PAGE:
This page may contain affiliate links. See my full disclosure here.
Decluttering would be easy if it was just a case of getting out a large garbage bag and recycling box and filling them up. But it isn’t; especially when it comes to sentimental items.
It’s psychological too. I have a wooden CD holder in my upstairs spare room closet that my late father made when he bought his first computer. Will I ever part with it even though nobody uses CD’s anymore, it’s obsolete, my kids are never going to want it, it’s large and it takes up a lot of space? Not likely, and I think the reason is obvious.
I was very proud of my Dad for learning about technology, at the tender age of 80, and his desire to merge that with his skill in woodwork. But are there things that I have disposed of after he passed that belonged to him? Yes, absolutely (I have three kids, one husband and no farm!). And, here’s the really neat thing. Of the things that I disposed of that belonged to my father? I don’t even remember what they were!
We all have material possessions in our life that we will never part with because of their sentimental value. But that doesn’t mean we have to keep each and every item. Here’s some help in figuring out which sentiments mean “keep it!” and which thoughts about belongings can easily be changed.
Dispose of Anything That Evokes a Negative Memory
I have a rule that I have used organically for most of my life. If I own something and it causes me fear, embarrassment, disappointment, regret – you get the picture – it’s gonzo! There are exceptions to this rule (very few), but for the most part, I don’t want it!
Life is difficult for everyone, and we all have memories we can do without. If something evokes a bad memory enough to cause you to feel a negative emotion, it isn’t worth keeping.
Inherited Items – Don’t Keep Everything, Less is More
In the early weeks and months after someone’s passing, it is difficult to part with anything that belonged to your loved one. But eventually life goes on, and things like a move, a lack of space or storage or a growing family can make it necessary to make some difficult choices.
The underlying feeling in this process is always, “I just can’t part with any of this stuff because it belonged to mom (or Dad, or brother, etc.).” It’s almost like losing the person, and that part of your life, all over again. But, the reality is that, for the most part, it is the same connection that is attached to each and every item.
So, lay everything out in front of you, and take 1 item away. Is the feeling you had for your lost loved one gone? No, it’s still there, and there are still wonderful memories amongst the items that are left.
Do it again. And, again. And try to pick items each time that evoke the least memory or feeling. And, eventually, you will down to a number of items that you can live with, store, and enjoy.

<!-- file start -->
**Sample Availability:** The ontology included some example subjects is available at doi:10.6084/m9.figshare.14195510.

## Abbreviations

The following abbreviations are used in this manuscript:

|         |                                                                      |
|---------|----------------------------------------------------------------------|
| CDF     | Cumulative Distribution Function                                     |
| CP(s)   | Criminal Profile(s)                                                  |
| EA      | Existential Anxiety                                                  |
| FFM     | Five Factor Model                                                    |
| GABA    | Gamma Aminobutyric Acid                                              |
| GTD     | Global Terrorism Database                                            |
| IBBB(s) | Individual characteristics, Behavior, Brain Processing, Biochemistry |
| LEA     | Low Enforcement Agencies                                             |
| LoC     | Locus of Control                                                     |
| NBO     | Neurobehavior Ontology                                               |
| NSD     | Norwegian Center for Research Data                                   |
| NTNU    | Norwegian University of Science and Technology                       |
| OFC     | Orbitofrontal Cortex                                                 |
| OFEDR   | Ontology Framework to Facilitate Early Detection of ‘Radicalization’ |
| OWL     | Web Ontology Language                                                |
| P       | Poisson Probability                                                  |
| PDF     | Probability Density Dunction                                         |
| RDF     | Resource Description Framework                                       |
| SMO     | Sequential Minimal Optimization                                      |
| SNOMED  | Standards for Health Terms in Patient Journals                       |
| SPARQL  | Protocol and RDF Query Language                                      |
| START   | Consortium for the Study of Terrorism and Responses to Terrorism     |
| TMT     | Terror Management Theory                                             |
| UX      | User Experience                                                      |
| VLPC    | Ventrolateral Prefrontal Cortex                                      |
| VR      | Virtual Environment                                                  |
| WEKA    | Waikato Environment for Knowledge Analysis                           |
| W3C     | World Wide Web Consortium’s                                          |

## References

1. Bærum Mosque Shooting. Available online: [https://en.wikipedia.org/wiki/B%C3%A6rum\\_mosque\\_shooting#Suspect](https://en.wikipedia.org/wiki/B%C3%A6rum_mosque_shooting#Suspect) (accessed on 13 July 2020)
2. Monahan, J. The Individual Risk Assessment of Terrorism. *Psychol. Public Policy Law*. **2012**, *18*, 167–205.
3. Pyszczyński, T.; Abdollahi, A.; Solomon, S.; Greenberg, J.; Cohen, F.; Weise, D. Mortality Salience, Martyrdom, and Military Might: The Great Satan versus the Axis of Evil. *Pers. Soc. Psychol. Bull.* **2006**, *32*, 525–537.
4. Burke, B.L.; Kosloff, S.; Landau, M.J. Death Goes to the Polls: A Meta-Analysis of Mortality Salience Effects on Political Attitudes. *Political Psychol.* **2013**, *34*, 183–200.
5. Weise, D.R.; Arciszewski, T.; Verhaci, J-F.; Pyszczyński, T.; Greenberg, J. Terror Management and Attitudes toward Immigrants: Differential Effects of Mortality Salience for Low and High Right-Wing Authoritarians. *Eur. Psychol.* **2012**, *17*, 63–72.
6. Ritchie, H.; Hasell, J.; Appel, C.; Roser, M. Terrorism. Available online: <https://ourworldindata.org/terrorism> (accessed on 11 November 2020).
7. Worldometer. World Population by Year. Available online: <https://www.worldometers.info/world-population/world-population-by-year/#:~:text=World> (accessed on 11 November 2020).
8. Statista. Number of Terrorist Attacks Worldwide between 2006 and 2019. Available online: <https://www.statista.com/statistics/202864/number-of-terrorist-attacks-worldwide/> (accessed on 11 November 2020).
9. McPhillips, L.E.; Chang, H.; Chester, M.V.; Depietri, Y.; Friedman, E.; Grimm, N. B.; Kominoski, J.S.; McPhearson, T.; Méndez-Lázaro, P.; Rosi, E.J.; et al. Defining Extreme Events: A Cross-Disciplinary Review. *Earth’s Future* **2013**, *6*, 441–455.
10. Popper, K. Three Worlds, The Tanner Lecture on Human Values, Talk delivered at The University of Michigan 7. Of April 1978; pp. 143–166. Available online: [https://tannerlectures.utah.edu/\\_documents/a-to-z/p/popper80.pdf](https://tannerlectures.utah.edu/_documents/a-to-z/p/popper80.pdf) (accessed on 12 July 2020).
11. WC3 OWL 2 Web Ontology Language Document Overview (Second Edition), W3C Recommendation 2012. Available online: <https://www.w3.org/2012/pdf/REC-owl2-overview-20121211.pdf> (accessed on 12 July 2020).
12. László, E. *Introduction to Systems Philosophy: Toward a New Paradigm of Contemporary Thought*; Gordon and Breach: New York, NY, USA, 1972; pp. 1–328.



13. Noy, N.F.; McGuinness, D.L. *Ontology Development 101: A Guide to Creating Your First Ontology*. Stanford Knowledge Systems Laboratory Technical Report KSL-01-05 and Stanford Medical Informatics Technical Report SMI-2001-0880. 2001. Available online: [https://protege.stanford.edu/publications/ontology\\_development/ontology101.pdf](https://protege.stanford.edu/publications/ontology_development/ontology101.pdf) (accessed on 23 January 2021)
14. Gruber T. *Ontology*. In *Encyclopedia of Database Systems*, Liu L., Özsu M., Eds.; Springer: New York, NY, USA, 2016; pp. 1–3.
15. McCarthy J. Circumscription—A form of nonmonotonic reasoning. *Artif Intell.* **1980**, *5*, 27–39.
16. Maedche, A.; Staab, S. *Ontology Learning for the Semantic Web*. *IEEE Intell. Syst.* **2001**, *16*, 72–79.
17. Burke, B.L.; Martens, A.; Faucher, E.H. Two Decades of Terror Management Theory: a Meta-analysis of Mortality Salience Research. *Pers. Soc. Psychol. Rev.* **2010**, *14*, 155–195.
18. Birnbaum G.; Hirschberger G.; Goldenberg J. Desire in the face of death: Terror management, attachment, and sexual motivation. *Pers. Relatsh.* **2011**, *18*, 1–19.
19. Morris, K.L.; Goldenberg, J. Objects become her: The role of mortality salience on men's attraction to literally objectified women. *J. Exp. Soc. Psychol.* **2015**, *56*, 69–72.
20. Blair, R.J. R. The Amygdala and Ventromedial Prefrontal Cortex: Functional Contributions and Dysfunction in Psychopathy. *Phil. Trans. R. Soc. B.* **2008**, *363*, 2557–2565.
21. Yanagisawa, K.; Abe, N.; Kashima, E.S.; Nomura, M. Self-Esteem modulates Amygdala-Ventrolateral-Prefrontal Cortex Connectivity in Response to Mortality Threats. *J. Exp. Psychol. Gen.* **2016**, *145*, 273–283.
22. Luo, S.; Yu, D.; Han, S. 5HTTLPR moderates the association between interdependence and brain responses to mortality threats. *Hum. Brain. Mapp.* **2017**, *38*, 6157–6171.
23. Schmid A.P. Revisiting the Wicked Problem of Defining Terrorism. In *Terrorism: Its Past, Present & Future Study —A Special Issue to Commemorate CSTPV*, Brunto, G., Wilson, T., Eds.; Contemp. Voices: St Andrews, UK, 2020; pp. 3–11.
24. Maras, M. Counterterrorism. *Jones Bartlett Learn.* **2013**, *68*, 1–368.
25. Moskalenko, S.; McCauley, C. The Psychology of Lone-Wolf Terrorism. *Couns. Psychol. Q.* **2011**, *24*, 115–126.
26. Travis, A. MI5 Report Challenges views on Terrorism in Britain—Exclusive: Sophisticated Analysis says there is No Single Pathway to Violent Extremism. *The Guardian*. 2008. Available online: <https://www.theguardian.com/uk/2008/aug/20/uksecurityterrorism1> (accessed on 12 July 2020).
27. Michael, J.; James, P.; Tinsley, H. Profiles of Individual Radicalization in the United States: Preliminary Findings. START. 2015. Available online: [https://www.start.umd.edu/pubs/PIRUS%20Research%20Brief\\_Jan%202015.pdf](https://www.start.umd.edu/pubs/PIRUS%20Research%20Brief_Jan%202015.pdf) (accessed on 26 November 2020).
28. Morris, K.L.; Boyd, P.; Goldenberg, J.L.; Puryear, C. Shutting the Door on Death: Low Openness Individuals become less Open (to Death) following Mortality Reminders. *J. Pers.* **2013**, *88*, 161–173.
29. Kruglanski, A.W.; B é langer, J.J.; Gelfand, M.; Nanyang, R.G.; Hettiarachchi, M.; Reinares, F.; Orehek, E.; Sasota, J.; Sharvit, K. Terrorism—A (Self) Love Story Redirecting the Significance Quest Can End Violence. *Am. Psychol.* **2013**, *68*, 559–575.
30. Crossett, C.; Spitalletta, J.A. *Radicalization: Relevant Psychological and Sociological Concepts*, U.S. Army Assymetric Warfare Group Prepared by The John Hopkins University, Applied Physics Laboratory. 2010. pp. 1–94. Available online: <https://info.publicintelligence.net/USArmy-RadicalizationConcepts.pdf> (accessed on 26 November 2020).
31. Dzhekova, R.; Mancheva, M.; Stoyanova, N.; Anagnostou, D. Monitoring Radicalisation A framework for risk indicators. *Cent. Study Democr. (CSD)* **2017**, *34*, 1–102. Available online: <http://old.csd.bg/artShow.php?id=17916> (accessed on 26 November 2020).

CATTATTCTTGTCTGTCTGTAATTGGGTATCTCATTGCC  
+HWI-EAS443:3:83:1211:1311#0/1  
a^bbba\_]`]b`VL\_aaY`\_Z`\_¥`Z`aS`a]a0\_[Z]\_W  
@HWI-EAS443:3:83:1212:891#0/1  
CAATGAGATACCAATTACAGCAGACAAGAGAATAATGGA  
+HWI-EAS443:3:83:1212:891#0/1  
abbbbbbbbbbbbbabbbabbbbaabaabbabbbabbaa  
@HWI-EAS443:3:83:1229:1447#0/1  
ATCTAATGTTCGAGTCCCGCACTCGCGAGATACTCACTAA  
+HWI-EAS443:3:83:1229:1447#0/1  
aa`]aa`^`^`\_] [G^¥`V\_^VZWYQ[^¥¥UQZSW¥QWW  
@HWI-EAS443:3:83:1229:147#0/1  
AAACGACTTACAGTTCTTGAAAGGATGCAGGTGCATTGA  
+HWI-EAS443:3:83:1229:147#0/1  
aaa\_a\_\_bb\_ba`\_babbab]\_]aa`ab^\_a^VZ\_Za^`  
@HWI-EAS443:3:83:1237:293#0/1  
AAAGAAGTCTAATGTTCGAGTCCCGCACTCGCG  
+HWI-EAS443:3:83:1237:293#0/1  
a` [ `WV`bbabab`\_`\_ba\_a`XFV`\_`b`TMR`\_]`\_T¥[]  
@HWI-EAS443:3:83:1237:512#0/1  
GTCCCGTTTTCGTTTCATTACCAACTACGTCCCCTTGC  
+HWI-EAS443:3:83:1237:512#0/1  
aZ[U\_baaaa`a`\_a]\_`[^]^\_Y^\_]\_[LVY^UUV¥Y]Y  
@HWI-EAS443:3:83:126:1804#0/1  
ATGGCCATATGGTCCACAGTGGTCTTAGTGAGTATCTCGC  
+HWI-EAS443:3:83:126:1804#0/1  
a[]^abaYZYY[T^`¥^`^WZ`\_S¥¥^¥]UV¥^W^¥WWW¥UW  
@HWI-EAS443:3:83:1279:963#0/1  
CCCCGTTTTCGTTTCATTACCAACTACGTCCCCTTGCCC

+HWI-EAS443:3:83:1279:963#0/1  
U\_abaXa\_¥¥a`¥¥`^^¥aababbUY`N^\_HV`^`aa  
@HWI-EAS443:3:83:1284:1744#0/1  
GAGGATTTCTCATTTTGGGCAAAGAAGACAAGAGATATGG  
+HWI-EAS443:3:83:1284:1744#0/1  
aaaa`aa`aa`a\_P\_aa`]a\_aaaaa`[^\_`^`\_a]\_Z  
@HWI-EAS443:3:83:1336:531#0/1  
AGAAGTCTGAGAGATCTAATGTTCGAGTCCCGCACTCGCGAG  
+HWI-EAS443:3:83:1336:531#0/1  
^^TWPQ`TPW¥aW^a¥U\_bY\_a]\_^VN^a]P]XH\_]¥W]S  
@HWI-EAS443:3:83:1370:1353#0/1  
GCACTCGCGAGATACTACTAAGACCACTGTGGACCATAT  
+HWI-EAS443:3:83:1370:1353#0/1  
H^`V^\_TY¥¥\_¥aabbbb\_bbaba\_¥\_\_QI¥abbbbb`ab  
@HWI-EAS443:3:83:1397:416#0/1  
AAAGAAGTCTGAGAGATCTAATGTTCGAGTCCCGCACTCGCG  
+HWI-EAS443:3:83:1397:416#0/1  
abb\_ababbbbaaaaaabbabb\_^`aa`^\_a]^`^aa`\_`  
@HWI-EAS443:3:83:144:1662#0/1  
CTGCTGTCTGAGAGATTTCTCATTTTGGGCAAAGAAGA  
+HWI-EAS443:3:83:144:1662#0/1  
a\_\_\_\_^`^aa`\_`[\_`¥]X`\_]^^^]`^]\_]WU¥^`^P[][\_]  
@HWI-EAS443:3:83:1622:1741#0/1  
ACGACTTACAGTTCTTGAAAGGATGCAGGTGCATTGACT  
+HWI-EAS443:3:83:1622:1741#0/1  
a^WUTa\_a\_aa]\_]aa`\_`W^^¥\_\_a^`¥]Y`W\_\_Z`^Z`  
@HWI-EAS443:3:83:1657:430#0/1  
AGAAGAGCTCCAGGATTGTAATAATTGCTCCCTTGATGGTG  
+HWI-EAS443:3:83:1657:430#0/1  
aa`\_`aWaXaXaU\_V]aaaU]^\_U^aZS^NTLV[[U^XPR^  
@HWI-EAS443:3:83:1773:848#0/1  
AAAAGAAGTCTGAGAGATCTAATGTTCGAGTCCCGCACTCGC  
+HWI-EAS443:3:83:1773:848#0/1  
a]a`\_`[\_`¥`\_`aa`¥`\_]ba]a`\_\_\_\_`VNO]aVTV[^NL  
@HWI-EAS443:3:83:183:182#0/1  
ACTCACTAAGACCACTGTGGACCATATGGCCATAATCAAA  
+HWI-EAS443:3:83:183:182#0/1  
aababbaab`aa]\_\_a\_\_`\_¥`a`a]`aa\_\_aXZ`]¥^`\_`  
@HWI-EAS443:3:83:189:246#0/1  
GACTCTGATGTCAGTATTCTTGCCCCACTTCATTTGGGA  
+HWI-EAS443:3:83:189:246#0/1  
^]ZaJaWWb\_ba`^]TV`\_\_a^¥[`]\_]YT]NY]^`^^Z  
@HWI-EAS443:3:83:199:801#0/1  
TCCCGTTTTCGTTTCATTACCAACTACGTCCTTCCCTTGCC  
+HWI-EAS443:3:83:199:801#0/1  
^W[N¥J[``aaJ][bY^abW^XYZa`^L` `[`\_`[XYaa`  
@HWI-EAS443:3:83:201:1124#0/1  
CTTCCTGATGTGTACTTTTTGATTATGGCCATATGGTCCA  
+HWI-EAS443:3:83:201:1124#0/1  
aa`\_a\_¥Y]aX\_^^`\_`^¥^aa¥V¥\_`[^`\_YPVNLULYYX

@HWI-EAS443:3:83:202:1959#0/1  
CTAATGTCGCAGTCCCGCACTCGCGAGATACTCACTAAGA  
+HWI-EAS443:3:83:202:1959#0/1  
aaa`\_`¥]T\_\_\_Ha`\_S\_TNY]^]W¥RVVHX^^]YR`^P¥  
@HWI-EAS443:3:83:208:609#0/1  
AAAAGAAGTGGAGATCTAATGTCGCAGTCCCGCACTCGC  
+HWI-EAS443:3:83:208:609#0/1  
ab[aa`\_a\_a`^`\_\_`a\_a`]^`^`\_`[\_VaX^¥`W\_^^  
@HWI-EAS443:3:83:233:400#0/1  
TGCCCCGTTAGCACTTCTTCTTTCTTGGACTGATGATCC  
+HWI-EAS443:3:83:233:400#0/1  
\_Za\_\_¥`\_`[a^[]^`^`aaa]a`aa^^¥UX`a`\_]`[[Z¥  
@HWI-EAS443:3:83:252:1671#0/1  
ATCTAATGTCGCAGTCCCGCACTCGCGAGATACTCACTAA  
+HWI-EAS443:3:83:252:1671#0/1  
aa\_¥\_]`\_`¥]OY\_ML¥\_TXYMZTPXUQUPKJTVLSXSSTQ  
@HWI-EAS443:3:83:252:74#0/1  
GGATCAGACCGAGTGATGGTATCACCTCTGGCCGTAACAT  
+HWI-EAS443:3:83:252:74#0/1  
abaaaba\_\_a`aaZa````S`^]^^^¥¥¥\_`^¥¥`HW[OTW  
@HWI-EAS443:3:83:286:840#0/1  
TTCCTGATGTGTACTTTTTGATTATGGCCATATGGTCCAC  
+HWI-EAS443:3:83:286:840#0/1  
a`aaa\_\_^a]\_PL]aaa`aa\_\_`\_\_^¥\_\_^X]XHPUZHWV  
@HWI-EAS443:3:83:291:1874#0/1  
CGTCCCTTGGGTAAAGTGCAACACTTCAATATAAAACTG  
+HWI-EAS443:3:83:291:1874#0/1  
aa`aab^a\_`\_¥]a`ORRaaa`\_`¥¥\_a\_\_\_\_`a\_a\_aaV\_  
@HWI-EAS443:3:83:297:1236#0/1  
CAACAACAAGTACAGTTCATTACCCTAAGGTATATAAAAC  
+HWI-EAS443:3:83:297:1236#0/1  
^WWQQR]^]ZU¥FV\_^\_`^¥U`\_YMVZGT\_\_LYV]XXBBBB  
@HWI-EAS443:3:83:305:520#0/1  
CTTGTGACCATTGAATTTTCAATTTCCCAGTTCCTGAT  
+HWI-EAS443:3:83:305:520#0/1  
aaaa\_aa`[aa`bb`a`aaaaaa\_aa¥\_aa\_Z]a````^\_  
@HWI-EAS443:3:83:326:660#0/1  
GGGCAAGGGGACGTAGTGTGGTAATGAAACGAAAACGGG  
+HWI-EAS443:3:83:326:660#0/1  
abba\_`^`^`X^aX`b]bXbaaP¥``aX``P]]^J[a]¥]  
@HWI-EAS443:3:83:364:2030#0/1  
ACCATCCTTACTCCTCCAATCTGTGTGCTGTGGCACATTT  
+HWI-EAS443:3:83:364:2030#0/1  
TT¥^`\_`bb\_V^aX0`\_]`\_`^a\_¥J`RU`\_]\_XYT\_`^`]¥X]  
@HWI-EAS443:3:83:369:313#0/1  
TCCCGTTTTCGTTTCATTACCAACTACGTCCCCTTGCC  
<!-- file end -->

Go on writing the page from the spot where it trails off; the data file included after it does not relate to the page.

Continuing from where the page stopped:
Release Yourself of Guilt
Sometimes, when we have sentimental items that have been left to us, we feel an underlying sense of uneasiness or guilt that if something meant so much to our loved one, that they would be doing them a disservice or otherwise betraying them if we dispose of it.
The truth is, if the item doesn’t mean anything to you, you are causing yourself more stress by keeping it than the guilt of disposing of it could ever cause. Find someone who would cherish it, and feel good about the fact that your loved one would have preferred that anyway.
Take Photographs of Larger Items
If you have items that are larger that you cannot keep, but that still hold a special place in your heart, take photographs of them. You might want to even display them. After all, photographs don’t have to be only of people, and if seeing the item puts a welcome feeling in your heart, by all means they should be close by. I’m all about surrounding myself with items that put a smile on my face.
This will also work if you are left large collections of things that you cannot keep. Did Grandma leave you her china set? Take a photograph of the entire set, and keep two tea cups, one for you and one to remind you of her, and donate the rest of the set to someone who would really appreciate or need it.
Store Items in Full View (Sort of)
Sentimental items are not typically items that you will access often, but you still want to be able to see them when the mood strikes, and of course, keep them safe and free of mold, dirt or condensation. Try storing them in places where no one would guess they are, but that can still serve a purpose in your home. Things like, in decorative storage baskets or a decorative storage trunk or storage bench.
And, for smaller items, maybe something like this.
That way, your sentimental items are still accessible for you, but they don’t add clutter or look unorganized in your home.
Try to remember that not everything you have a sentimental attachment to is clutter, and if you have something that you use or that you just plain like, keep it!
Belongings that evoke strong memories are very difficult to part with, however although this seems like a lengthy process, once the sentimental stuff is dealt with, the rest of your home will be a piece of cake!